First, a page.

Michael Duffy: Ken, can I just change the subject slightly here—if you’re right and oil does run out this year or next year, whenever—what are the biggest problems that you predict will happen?

Kenneth Deffeyes: Well, it’s not oil running out, it’s just that the growth in oil production stops, and as we go over the top of the curve we don’t have any growth for a while and then it starts to go down. But the kinds of things that I am predicting are increased volatility in price because when the demand on the system approaches the capacity of the system little things mean a lot; a SARS scare that cuts back on air transport, an unusually warm winter in the American northeast will cut back on the demand for oil and the price falls much more than just that change in demand. On the other hand, an abnormally cold winter and suddenly the price shoots up. So two years ago, three years ago, over one week the price of natural gas here in the northeast of the United States doubled over one weekend, the price doubled. So we’re going to see very large volatility. My sarcastic line about that is that OPEC can no longer control the price of oil. So the good news is OPEC is not in charge of oil…the bad news is nobody’s in charge of the price of oil.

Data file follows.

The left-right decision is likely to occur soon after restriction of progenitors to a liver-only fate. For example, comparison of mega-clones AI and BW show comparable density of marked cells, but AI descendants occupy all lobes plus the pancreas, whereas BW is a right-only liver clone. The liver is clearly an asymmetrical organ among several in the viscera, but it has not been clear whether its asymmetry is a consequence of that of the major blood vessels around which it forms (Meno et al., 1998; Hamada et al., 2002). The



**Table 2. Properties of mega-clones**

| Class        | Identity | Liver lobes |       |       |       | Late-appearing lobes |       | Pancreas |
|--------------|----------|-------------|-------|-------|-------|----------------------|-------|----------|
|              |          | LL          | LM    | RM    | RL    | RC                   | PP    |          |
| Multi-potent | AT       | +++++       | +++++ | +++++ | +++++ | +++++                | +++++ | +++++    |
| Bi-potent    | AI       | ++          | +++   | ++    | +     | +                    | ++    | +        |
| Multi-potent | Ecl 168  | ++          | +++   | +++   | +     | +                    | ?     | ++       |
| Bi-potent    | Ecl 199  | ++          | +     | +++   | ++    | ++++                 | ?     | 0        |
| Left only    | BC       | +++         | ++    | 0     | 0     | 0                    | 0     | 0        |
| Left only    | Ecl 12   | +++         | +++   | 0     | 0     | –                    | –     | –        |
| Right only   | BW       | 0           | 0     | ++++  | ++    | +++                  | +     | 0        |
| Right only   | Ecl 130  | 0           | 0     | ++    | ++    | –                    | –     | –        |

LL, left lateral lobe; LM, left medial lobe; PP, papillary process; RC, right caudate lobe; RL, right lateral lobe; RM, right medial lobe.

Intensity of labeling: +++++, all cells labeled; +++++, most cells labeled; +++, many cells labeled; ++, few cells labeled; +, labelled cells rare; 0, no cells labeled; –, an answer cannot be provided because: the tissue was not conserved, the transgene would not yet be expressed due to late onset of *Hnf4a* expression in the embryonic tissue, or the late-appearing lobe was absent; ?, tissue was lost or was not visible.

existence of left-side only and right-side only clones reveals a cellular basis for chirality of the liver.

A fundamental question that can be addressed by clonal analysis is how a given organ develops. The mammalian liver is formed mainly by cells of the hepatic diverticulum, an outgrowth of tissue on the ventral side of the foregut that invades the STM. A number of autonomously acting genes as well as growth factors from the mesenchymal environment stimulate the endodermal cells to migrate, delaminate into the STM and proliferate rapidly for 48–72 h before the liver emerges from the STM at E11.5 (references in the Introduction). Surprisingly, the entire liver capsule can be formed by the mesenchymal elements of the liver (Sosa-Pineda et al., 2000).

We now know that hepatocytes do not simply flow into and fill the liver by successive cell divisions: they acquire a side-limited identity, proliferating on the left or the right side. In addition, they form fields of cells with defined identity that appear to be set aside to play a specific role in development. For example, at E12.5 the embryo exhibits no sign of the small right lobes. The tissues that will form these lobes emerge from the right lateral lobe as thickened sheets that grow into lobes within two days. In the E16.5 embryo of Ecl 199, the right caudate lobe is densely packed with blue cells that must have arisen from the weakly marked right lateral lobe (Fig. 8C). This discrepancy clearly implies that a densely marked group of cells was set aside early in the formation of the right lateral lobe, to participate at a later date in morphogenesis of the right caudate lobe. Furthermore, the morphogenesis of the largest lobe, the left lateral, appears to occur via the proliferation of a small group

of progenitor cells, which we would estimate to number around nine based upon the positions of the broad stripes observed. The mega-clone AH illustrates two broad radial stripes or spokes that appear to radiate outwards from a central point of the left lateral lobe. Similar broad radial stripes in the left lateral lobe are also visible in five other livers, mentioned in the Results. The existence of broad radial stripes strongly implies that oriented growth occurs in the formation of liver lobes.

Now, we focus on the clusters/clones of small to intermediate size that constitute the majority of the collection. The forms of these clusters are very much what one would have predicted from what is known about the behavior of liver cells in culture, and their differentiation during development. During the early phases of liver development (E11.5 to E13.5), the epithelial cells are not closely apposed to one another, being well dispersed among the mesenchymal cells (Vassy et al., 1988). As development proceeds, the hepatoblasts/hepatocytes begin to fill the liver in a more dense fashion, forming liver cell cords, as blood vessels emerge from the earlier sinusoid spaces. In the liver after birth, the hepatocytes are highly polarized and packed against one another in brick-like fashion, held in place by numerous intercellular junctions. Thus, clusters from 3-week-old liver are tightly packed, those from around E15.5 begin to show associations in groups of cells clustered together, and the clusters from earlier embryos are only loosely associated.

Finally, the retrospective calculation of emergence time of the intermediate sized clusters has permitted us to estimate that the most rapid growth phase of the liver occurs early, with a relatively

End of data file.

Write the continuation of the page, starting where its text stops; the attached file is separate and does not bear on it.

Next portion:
Michael Duffy: Peter, I guess you think we’re going to have a soft landing here, don’t you? I think you’ve talked about the take-up of new technology and alternative uses of other energy and things like that.

Peter Odell: Yes, indeed, but before coming on to that let me say that at least we’ve reached a point in the discussion where Ken and I are in agreement. I agree with his analysis of the increasing volatility of the oil price. I think that’s a function more of political events in countries like Venezuela, Russia, and most especially the Middle East, to which there are reactions now on a market which is not really controlled any more by OPEC and not really controlled any more by the producers and the users of oil but much more controlled by the speculators on the futures markets in New York and Singapore and London.

Over this past year the great volatility of prices and the great increase in prices that we’ve experienced was not a function of demand exceeding supply but a function of the work of the traders on those exchanges in making deals that enable them at the end of the day to make a great deal of money. In fact, those that were successful are taking huge barrelfuls of money along to the bank at the end of the year as a result of a very successful season for them in terms of trading in oil.

Michael Duffy: Ken, can I just ask you about that because it is an issue that seems to come up in discussions of this subject. Do you think the high prices of oil that we’ve seen recently…is that all it is, just a short-term thing?